Monday, February 27, 2012

Am I the Rich Man's Keeper?

After his first sermon on Lazarus and the Rich Man, Chrysostom came right back at his congregation with a second. Here he emphasized the bliss that awaited Lazarus and the misery prepared for the Rich Man in the afterlife. Chrysostom was on a roll, preaching judgement and the torments of hell, but then he looked at his frightened, uncomfortable flock and offered the following:

I know that what I say is painful, but I cannot tell you how great a benefit it contains. If that rich man had had someone to give him this kind of advice, instead of flatterers who always suggested what he wanted to hear, and who dragged him into luxurious living, he would not have fallen into that hell, nor undergone the unendurable torments, nor repented too late for consolation; but since they all made conversation for his pleasure, they handed him over to the fire. (44)
The culpability for the Rich Man's lack of charity extends beyond his personal avarice. Those with access to him supported his indulgence in luxury because it served their own interests:

"Yes, a sumptuous feast in your honor does sound delightful!" (Invite me!)
"Yes, you simply must treat yourself by investing in that wine cellar!" (Don't forget my glass!)
"Yes, those silk robes will look absolutely divine on you!" (When you tire of them, let me have them!)

We're all wheeling Trump to hell in that tiny Mercedes.
Chrysostom calls these sycophants out for being the nasty, little demons that they are, but he also makes plain that it isn't enough for us to ensure that our own greed isn't driving the Rich Man straight to hell. We need to be the ones countering the flatterers, speaking the hard words, and extolling the virtues of charity. We must be sure that we aren't enabling the Rich Man's vice by either our activity or our passivity. We are just as blameworthy if we let the Rich Man wheel into the fire by his own devices as if we pushed the cart ourselves.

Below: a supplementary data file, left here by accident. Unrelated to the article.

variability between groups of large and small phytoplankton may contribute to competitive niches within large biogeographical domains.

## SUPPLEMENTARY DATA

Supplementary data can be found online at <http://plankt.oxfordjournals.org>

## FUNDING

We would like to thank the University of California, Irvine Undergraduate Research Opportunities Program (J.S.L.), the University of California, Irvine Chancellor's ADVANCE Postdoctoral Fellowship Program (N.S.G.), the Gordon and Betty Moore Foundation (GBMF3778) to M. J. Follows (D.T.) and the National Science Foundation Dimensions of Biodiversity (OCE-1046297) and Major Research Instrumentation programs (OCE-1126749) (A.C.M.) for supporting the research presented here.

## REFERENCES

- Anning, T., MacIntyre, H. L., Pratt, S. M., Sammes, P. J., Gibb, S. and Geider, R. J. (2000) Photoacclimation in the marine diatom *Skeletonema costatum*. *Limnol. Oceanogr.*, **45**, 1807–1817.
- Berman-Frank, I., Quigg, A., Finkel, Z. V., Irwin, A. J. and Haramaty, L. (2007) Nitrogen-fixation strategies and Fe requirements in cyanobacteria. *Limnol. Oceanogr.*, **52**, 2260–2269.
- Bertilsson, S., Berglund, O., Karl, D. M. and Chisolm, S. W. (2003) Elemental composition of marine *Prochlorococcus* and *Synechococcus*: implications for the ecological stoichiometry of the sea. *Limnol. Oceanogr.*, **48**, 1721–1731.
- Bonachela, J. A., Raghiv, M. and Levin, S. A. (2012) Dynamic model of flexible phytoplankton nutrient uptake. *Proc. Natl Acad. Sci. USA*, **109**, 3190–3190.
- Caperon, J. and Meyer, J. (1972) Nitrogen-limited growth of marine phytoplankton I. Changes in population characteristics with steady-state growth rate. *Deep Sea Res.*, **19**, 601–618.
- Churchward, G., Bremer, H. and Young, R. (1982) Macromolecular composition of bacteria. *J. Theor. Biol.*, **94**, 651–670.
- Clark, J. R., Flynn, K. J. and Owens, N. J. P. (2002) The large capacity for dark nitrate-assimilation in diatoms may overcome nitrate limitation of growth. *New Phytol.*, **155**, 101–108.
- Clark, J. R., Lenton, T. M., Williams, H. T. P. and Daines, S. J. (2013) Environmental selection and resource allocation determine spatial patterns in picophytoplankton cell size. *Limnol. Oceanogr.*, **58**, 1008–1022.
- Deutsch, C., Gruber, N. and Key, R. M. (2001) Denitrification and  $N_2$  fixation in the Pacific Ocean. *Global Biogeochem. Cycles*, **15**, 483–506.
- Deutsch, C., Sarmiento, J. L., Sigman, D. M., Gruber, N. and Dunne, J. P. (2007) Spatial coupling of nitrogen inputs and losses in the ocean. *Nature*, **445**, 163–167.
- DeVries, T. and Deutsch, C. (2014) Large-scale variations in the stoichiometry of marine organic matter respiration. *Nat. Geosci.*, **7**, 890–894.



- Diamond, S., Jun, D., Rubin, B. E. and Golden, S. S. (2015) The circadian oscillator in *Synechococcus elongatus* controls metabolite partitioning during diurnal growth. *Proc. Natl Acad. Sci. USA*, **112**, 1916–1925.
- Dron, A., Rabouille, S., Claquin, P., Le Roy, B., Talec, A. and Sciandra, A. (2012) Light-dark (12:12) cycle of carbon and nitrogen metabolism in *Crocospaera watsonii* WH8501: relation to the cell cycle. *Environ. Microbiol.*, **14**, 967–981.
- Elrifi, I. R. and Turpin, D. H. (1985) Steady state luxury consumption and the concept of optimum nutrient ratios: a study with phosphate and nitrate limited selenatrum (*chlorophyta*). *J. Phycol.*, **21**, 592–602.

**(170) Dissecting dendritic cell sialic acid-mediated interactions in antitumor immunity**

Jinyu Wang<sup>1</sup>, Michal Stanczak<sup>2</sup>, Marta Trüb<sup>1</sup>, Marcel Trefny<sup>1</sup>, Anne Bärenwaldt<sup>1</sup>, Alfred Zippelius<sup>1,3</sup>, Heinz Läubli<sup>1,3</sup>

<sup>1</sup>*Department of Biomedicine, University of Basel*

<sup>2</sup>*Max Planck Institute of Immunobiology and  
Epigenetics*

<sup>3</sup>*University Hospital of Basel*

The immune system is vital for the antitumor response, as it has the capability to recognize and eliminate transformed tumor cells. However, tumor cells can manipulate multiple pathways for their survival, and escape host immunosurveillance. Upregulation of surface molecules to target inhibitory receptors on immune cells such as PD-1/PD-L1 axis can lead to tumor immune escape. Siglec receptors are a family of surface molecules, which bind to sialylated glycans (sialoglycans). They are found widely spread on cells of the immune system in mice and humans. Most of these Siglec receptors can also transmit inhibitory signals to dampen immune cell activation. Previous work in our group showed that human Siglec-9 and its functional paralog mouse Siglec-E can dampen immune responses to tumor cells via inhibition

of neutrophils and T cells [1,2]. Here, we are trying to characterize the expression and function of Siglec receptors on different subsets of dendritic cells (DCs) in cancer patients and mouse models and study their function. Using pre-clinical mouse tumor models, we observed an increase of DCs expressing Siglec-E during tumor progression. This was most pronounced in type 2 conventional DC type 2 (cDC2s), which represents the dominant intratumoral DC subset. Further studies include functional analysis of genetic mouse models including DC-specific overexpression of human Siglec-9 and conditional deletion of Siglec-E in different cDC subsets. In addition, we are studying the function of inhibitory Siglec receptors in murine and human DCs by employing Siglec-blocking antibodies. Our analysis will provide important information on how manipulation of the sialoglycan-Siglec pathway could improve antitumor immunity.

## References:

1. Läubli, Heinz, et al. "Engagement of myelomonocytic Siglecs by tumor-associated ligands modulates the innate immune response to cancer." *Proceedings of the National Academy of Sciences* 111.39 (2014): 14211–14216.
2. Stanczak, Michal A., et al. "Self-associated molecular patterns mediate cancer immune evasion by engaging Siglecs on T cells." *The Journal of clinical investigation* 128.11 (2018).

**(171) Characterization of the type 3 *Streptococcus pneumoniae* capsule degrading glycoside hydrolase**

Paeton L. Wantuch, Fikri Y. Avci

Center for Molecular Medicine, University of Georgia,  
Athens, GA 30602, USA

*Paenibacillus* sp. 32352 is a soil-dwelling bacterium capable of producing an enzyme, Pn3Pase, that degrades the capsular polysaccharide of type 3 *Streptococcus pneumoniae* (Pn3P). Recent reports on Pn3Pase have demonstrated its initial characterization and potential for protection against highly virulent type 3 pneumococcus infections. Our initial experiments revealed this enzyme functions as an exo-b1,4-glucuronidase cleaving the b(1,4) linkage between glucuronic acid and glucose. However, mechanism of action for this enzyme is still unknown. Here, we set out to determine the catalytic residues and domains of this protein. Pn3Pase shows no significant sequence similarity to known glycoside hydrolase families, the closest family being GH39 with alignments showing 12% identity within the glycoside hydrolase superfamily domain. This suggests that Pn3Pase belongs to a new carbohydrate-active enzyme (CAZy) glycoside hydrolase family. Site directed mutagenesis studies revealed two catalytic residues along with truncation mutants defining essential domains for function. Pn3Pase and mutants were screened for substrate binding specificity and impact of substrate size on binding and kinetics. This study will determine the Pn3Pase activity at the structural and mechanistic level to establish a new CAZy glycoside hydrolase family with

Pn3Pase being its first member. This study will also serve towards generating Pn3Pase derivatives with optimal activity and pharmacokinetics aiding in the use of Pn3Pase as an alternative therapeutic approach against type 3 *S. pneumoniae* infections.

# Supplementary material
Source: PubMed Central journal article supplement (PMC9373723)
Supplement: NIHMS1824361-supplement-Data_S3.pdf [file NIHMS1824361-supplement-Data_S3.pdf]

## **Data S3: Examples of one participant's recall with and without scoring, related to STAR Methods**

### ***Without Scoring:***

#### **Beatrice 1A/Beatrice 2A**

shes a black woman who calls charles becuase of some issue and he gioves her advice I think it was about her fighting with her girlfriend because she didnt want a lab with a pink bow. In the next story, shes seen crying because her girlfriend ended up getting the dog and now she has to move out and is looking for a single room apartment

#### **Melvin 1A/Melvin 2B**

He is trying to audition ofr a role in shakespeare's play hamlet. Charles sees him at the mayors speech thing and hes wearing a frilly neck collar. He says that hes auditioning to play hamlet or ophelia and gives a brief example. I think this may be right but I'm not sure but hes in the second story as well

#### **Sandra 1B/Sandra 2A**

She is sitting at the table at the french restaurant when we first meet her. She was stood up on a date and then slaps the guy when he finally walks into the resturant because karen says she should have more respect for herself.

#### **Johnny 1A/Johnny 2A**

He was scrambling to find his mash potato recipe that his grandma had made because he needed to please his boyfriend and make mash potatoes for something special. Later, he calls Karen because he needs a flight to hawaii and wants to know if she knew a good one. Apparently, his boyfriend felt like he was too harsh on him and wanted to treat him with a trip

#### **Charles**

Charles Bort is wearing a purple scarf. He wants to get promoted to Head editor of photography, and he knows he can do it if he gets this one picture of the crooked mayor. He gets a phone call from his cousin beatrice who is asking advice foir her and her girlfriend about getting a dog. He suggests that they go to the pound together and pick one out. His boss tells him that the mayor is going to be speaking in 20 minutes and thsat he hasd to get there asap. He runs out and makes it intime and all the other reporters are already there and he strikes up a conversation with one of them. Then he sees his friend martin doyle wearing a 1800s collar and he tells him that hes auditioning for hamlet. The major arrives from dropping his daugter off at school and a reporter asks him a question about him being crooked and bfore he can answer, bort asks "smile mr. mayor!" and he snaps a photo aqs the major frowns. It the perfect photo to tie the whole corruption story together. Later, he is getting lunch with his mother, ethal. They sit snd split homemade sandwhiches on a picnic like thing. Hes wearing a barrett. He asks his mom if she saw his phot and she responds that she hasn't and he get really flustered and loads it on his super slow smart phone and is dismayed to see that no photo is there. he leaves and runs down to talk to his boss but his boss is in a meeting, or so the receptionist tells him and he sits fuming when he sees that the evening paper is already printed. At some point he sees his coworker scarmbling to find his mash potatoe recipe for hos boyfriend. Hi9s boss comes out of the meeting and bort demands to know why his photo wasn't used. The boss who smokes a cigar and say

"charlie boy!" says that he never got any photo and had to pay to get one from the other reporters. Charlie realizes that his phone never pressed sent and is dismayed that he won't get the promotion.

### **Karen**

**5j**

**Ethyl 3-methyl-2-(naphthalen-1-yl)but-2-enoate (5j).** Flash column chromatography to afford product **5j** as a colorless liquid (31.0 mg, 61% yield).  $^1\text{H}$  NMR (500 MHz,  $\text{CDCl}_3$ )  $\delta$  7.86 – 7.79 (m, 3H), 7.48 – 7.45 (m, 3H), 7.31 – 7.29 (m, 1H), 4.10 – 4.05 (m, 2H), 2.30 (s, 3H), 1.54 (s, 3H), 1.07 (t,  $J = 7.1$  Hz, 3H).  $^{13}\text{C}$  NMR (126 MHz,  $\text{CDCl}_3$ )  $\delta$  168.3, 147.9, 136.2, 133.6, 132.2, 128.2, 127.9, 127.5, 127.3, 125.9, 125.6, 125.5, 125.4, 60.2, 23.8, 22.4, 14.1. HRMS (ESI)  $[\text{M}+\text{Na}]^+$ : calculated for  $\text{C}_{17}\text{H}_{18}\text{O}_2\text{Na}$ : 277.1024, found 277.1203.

So where does that leave us in ministry? Well, Chrysostom calls us to some tricky business. He points to the church's obligation to name greed, to oppose self-indulgence, and not simply to watch that she not engage in those activities herself. This isn't just, "Check yourself before you wreck yourself," but also, "Check your friend so he doesn't bust his rear-end." This is Christianity 101 stuff.  This is nothing more than our responsibility to foster our neighbor's relationship with God, but this one is going to be rough. This one is about having a conversation with our wealthiest trustee about his decision to purchase a second Cadillac. This one is about confronting couples with their plans for extravagant wedding flowers and $400 a person receptions. This one is about challenging a family's desire for a $15,000 casket for their beloved. This one is about the minister biting the hand that feeds her. Are we really ready for that?

          Chrysostom, John. St. John Chrysostom on Wealth and Poverty. Trans. Catharine P. Roth. Crestwood, NY: St. Vladimir’s Seminary Press, 1984.


  1. I have done this, and my hand has been bitten, badly. However, ministry and life go one and now I bring the Word to those at the end of their lives in hospice and hospital settings. God is good. Now I am The Rev. Dr. and live by the grace of God.

  2. Thanks for your comment! I hope you'll stop by and chat some more! I'd especially love to hear any wisdom or just experiences you might have regarding wealth and end of life issues.